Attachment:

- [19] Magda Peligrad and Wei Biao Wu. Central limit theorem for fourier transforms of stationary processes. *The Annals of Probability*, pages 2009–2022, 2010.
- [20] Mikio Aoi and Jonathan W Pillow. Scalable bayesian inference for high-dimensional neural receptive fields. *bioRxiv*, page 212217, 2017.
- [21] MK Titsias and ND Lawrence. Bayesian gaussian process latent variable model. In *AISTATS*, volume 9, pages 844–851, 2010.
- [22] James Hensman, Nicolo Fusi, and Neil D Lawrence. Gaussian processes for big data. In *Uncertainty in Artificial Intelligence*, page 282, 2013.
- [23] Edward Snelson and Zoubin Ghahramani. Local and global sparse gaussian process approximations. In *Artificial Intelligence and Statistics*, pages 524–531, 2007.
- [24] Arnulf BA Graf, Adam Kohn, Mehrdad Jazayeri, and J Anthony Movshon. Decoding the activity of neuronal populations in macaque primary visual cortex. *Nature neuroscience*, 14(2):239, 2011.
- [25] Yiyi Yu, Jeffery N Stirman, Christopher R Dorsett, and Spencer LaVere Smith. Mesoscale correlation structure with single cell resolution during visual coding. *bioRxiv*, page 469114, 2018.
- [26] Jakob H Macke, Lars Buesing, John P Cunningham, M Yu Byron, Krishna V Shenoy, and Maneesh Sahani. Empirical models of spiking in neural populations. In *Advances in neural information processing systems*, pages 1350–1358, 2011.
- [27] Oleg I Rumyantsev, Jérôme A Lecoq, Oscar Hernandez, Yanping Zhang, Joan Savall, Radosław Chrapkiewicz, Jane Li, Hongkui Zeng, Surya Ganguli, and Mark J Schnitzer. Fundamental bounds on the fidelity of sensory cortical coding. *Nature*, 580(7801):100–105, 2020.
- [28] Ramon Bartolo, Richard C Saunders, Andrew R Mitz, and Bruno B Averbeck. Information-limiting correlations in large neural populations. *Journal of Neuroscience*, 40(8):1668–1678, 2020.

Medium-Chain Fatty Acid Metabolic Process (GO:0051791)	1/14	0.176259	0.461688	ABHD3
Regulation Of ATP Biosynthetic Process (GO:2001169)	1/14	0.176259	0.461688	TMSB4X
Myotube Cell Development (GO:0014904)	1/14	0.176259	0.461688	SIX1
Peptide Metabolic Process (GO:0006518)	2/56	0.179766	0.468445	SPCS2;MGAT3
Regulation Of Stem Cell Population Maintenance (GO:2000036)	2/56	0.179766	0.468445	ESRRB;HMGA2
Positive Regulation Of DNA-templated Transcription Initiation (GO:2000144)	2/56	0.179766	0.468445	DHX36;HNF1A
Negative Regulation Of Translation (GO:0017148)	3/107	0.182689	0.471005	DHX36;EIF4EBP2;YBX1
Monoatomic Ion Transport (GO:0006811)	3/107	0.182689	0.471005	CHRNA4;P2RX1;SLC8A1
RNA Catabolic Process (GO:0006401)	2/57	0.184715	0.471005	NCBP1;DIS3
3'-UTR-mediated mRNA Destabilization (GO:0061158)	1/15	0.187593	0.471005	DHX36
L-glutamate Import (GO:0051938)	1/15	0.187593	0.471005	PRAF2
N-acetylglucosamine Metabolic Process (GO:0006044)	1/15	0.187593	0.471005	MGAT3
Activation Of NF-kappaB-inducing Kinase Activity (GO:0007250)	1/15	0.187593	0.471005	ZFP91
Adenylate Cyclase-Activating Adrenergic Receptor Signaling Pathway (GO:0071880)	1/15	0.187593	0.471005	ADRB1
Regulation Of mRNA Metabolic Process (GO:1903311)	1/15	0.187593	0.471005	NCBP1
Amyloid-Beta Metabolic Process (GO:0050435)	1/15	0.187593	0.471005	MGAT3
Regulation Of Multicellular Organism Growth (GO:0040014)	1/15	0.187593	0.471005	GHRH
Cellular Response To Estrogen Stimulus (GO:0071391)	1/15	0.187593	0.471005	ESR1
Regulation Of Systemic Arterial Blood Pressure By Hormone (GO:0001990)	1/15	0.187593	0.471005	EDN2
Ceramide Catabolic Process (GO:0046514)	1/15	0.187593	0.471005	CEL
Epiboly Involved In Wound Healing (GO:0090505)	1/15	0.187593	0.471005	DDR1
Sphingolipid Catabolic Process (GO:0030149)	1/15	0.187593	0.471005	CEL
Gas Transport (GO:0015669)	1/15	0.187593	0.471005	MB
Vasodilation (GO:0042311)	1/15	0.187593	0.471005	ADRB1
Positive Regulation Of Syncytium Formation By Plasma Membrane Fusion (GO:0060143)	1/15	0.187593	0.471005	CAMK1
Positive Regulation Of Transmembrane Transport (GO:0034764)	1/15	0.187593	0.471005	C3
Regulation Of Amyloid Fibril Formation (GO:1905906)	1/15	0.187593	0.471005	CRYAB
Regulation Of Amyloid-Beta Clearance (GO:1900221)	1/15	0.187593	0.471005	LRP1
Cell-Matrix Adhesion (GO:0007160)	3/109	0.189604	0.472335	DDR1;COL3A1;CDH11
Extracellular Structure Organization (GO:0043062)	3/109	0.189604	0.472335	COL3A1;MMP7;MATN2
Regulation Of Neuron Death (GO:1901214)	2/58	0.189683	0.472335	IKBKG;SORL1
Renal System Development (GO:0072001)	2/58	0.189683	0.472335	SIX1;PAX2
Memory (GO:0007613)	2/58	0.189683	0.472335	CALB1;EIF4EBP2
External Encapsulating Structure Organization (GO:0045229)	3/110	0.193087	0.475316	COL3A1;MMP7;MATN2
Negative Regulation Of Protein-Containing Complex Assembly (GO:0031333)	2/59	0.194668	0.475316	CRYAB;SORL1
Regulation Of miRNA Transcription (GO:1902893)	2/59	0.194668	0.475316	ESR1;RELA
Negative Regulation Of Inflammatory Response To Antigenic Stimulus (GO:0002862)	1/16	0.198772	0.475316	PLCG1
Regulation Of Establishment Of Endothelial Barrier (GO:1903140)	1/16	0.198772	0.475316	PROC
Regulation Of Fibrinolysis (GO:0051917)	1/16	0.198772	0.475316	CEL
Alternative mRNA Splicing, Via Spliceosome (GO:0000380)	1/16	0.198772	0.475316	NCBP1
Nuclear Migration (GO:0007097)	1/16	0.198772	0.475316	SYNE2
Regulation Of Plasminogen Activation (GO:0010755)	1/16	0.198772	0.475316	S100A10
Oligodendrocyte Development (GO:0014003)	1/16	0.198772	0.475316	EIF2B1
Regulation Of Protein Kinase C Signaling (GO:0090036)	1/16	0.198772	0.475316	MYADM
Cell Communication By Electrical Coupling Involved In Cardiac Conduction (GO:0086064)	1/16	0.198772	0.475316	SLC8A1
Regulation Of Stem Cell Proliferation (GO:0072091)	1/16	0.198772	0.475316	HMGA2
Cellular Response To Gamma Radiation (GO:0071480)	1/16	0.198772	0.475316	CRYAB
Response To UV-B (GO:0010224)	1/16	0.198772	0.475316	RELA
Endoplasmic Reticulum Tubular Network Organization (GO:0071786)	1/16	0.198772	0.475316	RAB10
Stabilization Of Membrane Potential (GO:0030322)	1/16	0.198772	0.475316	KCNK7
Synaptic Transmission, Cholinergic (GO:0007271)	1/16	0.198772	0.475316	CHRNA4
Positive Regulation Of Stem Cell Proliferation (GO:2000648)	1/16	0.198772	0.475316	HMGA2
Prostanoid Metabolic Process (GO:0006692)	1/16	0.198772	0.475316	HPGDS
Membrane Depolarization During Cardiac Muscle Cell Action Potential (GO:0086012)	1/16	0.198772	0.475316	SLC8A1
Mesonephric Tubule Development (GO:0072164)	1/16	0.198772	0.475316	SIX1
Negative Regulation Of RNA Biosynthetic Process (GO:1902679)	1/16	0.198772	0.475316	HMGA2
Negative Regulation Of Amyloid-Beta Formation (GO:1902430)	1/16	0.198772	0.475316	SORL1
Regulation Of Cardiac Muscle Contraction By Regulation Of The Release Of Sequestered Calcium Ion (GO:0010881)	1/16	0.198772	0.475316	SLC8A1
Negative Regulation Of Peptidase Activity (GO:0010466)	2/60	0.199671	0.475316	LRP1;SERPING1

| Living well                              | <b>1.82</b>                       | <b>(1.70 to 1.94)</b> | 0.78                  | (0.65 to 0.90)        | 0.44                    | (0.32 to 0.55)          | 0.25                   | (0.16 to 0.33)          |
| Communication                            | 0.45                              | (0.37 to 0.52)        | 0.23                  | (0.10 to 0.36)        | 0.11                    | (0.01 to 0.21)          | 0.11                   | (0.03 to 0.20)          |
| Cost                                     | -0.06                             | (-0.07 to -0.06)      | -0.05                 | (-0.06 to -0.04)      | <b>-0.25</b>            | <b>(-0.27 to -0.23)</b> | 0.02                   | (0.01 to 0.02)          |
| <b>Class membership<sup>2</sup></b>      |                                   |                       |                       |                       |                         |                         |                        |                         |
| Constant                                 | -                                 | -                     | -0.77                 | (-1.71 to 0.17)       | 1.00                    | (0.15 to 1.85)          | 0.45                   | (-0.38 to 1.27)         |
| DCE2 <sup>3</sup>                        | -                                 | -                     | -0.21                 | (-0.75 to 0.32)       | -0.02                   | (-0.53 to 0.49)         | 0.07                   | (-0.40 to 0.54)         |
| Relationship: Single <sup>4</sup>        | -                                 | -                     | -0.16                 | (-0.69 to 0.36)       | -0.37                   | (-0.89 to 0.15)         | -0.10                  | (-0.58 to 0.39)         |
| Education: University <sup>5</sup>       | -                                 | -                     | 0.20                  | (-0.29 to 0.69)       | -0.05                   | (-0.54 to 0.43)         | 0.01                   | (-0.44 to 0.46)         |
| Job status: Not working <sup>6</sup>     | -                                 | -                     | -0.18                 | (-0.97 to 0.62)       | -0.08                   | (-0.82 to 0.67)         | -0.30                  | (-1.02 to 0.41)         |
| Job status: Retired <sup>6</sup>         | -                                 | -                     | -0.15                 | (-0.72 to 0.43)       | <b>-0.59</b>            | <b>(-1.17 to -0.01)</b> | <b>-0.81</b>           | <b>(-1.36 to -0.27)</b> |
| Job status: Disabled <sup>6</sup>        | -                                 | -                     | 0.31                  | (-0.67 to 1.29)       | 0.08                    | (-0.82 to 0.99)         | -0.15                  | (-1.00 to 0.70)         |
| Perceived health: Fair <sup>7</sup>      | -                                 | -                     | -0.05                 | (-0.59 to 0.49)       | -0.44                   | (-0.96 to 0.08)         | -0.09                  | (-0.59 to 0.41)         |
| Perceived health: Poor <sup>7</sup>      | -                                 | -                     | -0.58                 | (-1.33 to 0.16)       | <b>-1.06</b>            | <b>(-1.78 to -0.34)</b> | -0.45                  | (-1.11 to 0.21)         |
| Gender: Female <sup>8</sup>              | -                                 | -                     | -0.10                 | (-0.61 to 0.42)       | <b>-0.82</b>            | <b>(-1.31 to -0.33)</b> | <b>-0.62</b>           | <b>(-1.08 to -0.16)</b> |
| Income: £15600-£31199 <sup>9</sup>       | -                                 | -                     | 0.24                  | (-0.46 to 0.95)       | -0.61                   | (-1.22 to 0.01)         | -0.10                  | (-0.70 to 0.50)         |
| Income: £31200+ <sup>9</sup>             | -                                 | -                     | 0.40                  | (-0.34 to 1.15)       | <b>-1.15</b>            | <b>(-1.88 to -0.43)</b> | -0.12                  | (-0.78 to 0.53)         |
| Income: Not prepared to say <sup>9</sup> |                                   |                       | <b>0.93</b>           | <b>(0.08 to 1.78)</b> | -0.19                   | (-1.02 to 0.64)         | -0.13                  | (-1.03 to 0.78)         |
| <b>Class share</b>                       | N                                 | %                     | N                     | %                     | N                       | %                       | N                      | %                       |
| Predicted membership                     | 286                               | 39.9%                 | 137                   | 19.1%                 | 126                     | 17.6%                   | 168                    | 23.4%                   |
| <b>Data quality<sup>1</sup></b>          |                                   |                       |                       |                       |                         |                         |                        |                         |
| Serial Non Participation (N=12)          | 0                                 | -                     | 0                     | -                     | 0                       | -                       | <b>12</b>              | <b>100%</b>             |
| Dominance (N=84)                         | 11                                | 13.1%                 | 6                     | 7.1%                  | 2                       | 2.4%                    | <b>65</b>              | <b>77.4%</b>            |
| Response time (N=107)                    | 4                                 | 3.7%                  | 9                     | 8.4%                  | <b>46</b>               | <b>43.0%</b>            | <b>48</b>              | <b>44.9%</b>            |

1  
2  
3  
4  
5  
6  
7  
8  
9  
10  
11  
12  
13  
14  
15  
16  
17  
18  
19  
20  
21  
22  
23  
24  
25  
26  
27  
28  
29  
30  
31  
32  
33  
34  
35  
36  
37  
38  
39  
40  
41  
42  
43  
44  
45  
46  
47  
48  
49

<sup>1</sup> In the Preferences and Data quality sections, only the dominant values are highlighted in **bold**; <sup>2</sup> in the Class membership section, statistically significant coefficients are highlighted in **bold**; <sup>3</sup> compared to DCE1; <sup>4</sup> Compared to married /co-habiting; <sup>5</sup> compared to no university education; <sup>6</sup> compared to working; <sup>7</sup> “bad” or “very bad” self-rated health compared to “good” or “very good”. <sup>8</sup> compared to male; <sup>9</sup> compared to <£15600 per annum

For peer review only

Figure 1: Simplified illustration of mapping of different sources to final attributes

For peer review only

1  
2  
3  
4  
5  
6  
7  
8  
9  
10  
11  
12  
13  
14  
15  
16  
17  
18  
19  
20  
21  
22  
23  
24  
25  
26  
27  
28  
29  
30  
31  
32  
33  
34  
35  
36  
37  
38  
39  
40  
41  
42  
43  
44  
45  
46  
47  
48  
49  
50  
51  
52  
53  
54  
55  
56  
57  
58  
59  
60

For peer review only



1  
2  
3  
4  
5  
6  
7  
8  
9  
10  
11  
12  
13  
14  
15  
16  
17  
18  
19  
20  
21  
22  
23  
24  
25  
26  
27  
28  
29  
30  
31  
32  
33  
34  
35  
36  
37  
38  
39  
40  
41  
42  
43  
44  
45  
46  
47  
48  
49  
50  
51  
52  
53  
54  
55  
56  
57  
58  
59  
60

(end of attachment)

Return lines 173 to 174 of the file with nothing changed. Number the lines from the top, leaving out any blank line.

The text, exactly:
28  
29  